Yoga Time: 90 mins (class I took from Murray)
Today I heard something from Murray that I think I already discovered on my own, but hearing it really helped me realize it. As we were starting the class, he commented that an advanced yogi/yogini wasn't one who could twist into pretzels or do the fanciest balances and inversions; rather, it was the person who was present throughout their practice, the person who knew when to pull back and when to push harder, the person who can focus on their breath throughout their practice and moves with purpose both in and out of the yoga room.
I don't know that I had verbalized that thought to myself before, but I had been thinking along those lines as I've been exploring my personal practice and as I've been watching students as I assist in classes. I still get jealous of students who can do things that I can't do, but over the past several weeks, it hasn't been the same type of jealousy; it has been more of an admiration-jealousy. And, at the same time, I've noticed students that have amazing flexibility or strength, but that aren't present in their practice: they move quickly and fall in and out of poses unsafely. When I see that, I think "what a shame," and I try to give them some words of advice to move them forward in their yoga journey.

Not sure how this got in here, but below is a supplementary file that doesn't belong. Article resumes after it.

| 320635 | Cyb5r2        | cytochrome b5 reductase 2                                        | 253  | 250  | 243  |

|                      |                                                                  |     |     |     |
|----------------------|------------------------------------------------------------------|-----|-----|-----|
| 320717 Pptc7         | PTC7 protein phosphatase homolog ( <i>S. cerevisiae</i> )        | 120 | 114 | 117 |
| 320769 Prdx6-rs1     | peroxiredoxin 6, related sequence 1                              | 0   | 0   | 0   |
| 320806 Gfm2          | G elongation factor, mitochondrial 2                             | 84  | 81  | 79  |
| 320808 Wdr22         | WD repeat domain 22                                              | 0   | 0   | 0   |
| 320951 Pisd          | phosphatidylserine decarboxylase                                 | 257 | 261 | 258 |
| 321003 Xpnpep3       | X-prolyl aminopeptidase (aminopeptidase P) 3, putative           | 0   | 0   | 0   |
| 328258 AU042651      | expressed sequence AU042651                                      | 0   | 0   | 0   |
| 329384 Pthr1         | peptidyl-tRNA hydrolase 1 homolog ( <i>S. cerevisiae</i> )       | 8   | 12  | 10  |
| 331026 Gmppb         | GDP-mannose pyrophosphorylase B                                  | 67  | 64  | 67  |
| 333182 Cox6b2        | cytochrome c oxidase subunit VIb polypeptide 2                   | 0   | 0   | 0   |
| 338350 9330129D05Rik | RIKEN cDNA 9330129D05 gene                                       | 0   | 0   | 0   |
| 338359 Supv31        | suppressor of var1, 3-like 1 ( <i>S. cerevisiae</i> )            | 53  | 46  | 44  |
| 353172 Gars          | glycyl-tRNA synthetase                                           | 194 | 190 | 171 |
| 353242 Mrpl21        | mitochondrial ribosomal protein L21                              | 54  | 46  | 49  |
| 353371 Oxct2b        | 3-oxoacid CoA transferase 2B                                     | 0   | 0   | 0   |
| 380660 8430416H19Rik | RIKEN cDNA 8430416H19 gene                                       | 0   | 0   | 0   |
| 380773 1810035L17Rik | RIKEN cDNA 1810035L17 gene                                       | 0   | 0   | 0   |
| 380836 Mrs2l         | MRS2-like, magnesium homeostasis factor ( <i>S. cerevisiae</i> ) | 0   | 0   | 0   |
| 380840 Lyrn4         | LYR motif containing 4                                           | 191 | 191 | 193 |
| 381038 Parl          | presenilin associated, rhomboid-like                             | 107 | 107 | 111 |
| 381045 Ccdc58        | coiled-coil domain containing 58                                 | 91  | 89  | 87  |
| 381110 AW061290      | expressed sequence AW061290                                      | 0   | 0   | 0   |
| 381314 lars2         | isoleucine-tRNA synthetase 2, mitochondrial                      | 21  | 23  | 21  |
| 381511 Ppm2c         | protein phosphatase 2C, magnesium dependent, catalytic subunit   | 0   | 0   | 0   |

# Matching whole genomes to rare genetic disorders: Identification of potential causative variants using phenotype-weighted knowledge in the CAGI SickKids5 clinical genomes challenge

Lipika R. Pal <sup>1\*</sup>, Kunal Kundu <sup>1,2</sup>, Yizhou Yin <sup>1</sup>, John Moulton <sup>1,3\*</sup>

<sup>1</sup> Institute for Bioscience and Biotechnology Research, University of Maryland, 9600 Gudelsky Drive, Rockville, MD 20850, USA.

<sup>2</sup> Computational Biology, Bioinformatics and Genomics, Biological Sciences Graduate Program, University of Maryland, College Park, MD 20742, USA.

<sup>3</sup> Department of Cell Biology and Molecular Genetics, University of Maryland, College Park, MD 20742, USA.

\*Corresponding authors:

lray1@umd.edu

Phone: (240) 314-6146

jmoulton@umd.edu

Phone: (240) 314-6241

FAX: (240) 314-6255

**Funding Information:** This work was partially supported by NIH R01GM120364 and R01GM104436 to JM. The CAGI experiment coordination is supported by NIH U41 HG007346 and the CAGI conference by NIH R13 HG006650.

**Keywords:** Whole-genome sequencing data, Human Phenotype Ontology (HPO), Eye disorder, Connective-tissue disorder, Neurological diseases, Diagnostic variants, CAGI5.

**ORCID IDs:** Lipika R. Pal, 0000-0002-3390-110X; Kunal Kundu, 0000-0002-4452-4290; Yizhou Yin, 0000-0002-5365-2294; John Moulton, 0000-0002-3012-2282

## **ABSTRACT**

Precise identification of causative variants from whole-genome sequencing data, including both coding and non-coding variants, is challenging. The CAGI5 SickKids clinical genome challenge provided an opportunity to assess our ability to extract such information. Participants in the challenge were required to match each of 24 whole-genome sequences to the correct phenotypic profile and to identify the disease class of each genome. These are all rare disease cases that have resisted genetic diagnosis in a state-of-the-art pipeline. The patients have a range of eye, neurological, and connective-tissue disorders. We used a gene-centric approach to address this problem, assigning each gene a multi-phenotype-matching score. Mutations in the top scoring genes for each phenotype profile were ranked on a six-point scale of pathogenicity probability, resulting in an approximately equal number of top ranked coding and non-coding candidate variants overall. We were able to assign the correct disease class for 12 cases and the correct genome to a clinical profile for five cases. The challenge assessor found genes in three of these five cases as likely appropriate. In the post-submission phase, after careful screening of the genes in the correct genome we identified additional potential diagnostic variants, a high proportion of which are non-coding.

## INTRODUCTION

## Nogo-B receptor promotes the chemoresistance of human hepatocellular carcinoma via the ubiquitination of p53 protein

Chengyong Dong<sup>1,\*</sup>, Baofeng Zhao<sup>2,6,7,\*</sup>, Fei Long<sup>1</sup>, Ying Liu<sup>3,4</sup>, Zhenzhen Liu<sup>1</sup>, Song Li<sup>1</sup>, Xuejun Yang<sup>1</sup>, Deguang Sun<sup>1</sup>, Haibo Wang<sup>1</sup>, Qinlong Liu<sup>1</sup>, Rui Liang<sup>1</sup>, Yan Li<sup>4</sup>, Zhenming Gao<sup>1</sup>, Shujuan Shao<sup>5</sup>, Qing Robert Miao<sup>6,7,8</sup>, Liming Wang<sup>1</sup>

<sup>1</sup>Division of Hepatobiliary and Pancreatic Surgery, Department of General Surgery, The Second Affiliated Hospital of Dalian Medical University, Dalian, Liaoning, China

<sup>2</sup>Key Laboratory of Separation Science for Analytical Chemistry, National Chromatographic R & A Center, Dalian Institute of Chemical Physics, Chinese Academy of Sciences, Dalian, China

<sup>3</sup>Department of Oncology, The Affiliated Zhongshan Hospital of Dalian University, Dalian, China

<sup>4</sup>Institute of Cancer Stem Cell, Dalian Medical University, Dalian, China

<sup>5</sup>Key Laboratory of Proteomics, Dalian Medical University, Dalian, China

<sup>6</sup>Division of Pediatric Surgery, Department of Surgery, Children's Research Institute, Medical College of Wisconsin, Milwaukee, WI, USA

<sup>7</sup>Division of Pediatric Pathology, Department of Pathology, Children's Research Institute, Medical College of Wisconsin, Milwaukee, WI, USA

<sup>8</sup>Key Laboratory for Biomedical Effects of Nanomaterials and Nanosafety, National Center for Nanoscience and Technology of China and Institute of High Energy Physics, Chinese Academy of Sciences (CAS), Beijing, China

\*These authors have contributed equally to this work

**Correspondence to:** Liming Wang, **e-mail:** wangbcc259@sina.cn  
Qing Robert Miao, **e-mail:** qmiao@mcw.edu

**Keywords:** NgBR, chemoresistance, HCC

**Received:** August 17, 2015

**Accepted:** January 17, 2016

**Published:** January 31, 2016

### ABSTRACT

But as I heard Murray say those words tonight, I smiled, and I thought, "yes, of course." And his words also served as a reminder to me to not push past what my foot could do. I was more present in this practice than perhaps any before. I backed off and took a knee when a crescent lunge felt like too much for my foot. I didn't lift my right leg when in down dog in order to save my left foot from holding more of my weight. And I consciously felt my body and mind throughout the practice. Advanced (or at least more advanced) if I do say so myself.